Guest post by Dr. Jerome Ravetz
While the micro-bureaucracy of the Lisbon workshop bureaucracy grinds its way towards the release of a statement, I realise that the time is long overdue for me to touch base at WUWT.
After all, it was at WUWT (with the help of Rog Tallbloke) that I made my debut on the blogosphere, and enjoyed the reaction of hundreds of readers, be they enthusiastic or vitriolic. Also, it was on WUWT that I had the first experience of seeing non-violent communication in the Climategate debate. The circumstances were surprising, for it involved our very own fire-eating champion Willis.
He was responding to Judith Curry’s posting, where she explained how she had got to where she was then. Of course he loathed her for complicity in the great Warmista fraud, and he despised her for attempting to apologise for her actions rather than crawling to WUWT in full contrition. But he had to admit that he respected and admired her for guts in doing a Daniel act, and facing the lions like himself. At that point, non-violence in the climate debate was born. For Willis had realised that bad people are not necessarily all bad. There might even be some purpose in talking to them! From that point on, WUWT could take the lead in enforcing civility in the debate, and I am very pleased to see how the principle has spread all across the lines.
Reflecting on that incident, I began to shape up ideas for the workshop that eventually took place last month. Of course it was highly imperfect, with many things done and not done in error. But what was remarkable was the universal spirit of accomplishment, even delight, that people were getting on so well and so productively. Of course, this depended to some extent on our choice of invitations; we did get close to the edge of the zone on the spectrum within in which people would be sure to be reasonably civil to each other. On that first meeting, with so much other learning to do, it would not have been productive to have explosions of mutual insults. Another time, we could try to take on that one as well.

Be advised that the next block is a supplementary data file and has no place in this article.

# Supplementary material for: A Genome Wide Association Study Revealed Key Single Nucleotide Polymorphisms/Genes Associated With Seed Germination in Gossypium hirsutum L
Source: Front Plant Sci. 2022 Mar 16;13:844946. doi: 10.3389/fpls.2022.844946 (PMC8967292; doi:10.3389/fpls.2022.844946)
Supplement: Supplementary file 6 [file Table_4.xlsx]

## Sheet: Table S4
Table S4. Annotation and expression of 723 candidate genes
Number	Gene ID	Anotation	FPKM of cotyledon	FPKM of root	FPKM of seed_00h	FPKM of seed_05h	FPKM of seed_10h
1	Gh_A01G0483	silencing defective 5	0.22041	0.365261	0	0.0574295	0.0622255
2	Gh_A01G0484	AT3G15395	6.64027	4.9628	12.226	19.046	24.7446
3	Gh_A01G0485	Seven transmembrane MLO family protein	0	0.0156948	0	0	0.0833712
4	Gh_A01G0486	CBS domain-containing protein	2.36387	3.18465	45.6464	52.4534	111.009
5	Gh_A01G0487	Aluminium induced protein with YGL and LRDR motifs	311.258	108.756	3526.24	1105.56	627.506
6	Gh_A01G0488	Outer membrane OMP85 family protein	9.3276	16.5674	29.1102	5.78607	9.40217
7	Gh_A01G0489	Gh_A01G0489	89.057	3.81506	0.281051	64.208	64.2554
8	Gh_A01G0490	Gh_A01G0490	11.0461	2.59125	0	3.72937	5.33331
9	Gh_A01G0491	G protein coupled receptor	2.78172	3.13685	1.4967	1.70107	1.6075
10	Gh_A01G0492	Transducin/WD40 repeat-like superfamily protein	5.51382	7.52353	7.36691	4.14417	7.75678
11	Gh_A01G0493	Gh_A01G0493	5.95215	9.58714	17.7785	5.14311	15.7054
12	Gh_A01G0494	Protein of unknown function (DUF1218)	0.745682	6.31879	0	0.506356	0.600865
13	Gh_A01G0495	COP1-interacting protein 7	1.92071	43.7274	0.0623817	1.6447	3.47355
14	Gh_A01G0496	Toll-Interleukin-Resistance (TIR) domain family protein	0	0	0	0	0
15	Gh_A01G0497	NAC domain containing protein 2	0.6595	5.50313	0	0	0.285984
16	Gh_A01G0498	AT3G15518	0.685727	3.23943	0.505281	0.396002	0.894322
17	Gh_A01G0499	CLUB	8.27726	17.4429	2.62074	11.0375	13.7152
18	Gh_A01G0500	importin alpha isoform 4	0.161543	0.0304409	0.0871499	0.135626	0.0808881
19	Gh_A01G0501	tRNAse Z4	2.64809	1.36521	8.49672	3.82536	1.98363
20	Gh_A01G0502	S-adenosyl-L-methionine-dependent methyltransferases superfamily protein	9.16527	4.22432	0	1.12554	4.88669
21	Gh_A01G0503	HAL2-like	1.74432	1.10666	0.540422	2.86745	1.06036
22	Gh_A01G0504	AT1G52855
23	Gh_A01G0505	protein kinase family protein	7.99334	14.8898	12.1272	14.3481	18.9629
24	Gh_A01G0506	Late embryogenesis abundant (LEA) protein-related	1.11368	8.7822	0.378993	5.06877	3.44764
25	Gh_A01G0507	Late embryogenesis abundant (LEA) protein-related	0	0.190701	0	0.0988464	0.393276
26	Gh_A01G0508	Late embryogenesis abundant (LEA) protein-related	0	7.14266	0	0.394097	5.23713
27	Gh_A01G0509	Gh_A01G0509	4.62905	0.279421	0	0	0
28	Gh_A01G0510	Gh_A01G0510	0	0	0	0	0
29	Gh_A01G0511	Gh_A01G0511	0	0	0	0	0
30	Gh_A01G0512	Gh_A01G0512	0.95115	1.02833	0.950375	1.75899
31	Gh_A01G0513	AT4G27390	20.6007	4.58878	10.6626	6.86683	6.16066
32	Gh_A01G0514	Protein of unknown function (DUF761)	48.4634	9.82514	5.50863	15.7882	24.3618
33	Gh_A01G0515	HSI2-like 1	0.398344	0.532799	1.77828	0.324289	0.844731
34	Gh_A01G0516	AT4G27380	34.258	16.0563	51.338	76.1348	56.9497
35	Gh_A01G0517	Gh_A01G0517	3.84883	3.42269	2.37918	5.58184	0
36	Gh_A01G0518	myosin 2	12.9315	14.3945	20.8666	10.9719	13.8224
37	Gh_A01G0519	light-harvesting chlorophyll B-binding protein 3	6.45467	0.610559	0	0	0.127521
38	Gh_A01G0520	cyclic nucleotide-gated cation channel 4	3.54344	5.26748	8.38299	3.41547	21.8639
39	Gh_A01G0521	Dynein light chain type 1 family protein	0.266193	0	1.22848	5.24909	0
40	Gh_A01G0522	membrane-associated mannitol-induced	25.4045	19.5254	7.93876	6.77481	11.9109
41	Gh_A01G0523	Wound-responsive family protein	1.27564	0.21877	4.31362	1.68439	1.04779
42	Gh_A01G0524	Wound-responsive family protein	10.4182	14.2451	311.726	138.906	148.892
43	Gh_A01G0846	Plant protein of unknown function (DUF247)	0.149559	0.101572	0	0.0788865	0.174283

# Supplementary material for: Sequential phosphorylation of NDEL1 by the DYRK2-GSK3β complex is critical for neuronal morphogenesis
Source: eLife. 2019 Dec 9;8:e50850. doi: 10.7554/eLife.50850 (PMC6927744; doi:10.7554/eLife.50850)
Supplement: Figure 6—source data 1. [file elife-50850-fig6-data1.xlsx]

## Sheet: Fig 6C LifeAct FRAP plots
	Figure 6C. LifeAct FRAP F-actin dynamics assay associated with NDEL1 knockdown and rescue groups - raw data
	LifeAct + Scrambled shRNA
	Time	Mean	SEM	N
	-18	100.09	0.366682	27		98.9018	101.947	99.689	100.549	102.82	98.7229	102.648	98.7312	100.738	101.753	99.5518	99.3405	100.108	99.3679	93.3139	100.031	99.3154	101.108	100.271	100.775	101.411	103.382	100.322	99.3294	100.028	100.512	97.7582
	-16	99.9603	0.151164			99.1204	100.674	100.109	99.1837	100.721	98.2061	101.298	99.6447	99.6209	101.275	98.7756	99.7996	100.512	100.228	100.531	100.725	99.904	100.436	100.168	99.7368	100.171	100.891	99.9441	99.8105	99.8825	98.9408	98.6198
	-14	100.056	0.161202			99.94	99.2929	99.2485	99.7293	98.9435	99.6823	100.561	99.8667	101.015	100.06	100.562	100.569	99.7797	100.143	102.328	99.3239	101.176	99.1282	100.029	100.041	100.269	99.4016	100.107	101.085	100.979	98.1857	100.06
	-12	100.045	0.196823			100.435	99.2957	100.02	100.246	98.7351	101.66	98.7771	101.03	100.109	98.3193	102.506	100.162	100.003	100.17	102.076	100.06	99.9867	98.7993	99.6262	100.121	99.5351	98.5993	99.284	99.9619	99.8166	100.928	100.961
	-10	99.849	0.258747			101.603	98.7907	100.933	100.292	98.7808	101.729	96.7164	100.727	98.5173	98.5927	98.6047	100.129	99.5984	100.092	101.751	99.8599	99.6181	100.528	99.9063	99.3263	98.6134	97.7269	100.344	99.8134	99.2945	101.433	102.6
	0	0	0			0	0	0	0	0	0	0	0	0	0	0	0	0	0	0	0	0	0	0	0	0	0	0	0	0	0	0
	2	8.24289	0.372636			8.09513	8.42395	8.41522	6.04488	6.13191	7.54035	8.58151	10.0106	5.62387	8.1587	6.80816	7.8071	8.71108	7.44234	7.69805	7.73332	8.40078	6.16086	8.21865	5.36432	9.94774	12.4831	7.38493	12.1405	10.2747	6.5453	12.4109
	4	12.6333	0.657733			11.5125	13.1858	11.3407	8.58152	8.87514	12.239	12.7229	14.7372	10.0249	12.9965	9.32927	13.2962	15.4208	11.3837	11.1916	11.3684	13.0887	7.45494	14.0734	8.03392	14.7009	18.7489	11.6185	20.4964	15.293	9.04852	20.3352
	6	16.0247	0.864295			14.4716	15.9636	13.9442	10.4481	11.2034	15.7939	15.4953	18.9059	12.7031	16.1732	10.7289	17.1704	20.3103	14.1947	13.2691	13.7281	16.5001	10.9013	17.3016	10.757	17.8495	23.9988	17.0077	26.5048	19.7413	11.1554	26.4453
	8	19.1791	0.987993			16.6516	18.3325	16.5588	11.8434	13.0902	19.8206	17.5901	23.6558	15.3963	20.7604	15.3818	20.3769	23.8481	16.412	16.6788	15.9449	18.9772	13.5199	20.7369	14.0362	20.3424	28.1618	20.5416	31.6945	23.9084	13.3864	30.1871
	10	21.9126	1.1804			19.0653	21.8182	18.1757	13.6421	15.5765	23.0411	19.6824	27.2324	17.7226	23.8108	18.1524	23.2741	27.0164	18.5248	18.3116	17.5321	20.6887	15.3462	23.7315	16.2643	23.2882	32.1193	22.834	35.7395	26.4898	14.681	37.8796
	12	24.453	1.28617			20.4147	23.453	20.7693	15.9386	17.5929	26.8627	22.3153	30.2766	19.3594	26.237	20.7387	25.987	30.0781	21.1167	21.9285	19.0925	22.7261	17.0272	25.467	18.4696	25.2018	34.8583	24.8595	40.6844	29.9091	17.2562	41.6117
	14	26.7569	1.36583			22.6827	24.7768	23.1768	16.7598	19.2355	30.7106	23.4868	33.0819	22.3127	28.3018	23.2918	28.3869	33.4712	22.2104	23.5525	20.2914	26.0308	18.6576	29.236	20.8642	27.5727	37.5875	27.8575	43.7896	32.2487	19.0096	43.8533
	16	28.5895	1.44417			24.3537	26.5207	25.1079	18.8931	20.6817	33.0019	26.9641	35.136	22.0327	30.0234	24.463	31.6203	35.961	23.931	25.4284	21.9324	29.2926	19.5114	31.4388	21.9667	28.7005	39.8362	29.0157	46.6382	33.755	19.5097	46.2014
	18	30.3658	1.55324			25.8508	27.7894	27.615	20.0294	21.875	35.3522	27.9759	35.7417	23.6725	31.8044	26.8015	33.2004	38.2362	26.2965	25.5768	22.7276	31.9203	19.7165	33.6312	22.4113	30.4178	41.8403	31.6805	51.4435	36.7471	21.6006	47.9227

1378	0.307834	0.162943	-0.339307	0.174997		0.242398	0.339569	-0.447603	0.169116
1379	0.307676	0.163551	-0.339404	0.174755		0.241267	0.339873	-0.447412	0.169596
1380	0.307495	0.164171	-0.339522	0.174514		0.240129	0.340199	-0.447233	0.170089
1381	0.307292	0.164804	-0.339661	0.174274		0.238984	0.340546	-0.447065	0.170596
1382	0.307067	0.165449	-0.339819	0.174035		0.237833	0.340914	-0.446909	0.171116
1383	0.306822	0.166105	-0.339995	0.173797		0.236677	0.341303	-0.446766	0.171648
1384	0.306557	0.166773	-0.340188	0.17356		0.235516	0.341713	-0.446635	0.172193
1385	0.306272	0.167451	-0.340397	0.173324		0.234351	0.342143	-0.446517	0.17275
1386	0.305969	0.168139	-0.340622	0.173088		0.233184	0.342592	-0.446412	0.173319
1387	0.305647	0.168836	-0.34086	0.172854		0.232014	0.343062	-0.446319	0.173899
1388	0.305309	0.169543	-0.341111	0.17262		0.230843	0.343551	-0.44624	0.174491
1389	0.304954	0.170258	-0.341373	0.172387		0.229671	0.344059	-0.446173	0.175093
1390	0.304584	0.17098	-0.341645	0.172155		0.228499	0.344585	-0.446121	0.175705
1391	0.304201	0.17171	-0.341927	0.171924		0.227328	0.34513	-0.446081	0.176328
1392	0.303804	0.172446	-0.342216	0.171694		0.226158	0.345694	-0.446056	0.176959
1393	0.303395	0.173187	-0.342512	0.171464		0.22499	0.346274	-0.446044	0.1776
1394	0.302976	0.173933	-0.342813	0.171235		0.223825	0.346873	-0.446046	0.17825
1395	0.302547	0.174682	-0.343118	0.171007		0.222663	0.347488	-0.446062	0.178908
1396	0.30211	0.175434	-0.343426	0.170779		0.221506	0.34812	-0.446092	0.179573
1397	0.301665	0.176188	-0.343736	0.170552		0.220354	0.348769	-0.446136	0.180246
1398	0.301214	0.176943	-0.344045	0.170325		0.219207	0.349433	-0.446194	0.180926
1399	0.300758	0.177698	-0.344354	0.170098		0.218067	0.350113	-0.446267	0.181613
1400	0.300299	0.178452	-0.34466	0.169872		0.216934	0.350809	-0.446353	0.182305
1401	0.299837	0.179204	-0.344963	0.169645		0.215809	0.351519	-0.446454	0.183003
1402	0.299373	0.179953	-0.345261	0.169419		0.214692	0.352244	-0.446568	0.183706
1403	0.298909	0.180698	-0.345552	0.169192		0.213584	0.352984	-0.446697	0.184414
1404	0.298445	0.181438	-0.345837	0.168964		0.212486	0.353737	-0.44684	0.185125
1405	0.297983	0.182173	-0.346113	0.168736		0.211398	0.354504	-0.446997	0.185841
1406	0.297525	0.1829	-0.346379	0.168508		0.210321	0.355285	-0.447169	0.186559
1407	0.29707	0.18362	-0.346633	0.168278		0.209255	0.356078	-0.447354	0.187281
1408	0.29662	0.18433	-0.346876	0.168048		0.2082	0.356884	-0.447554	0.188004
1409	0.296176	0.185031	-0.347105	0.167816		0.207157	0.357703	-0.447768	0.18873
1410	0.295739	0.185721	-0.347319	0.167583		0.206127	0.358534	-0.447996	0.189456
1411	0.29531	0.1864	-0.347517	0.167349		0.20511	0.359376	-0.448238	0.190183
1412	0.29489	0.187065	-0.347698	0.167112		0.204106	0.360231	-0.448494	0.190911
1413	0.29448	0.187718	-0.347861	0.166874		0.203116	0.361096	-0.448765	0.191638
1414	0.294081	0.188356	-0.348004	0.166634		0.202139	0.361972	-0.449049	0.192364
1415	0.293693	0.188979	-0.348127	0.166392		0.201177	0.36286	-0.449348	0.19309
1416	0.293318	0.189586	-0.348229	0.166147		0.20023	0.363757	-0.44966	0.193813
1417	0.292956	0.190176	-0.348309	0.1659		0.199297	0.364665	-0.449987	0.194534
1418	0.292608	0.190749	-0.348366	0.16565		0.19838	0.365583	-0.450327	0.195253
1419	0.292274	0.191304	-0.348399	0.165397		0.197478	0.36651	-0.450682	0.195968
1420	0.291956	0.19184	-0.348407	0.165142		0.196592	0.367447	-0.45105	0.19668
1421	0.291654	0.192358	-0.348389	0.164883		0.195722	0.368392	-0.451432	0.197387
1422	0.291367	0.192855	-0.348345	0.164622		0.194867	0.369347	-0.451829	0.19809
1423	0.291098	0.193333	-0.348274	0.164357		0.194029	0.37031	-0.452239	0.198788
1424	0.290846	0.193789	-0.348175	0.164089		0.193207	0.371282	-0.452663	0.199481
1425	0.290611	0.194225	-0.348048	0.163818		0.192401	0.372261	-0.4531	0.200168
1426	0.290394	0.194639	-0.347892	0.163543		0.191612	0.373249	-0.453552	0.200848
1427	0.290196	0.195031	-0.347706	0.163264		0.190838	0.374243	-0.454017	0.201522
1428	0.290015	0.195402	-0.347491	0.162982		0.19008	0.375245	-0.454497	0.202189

I suppose people know that I went to a Quaker college, Swarthmore, and I have spent all the years afterwards making sense of its message of nonviolence. In a course on political science I read ‘The Power of Non-Violence’ by Richard Gregg. It struck me as very sweet but quite unrealistic. Between then and now was Martin Luther King, Nelson Mandela, Aung San Suu Kyi, and now Tunisia, Egypt and beyond. It seems that a group of non-violent activists in Serbia had used a book by one of Gregg’s followers, Gene Sharp. They had passed the message to a study group in Qatar, and it was picked up by the activists in Tunisia and Egypt to become the basis of their strategy. The rest is history in the making. There is at last some chance that revolutions now will not simply produce new tyrannies. All this gives support to my conviction that we were correct in making the main purpose of the Lisbon workshop to further the development of non-violence in scientific debate.
My principle has always been that you don’t know what the other person is going through, and to return their violence doesn’t help them resolve their conflict of conscience. It’s so easy to condemn the evil ones and try to destroy them; that way we would still have the sectarian killings in Northern Ireland and probably a bloodbath in South Africa. On the personal level, who would have known that the slave-trader John Newton was being prepared for the experience that would eventually lead him to compose ‘Amazing Grace’?
With those words of explanation, I offer my Lisbon public lecture to Anthony Watts for debate on WUWT. This, I believe is the essence of the Lisbon story, rather than who said what about whom. Willis – over to you!
Non-Violence in Science?
‘Reconciliation in the Climate Change Debate’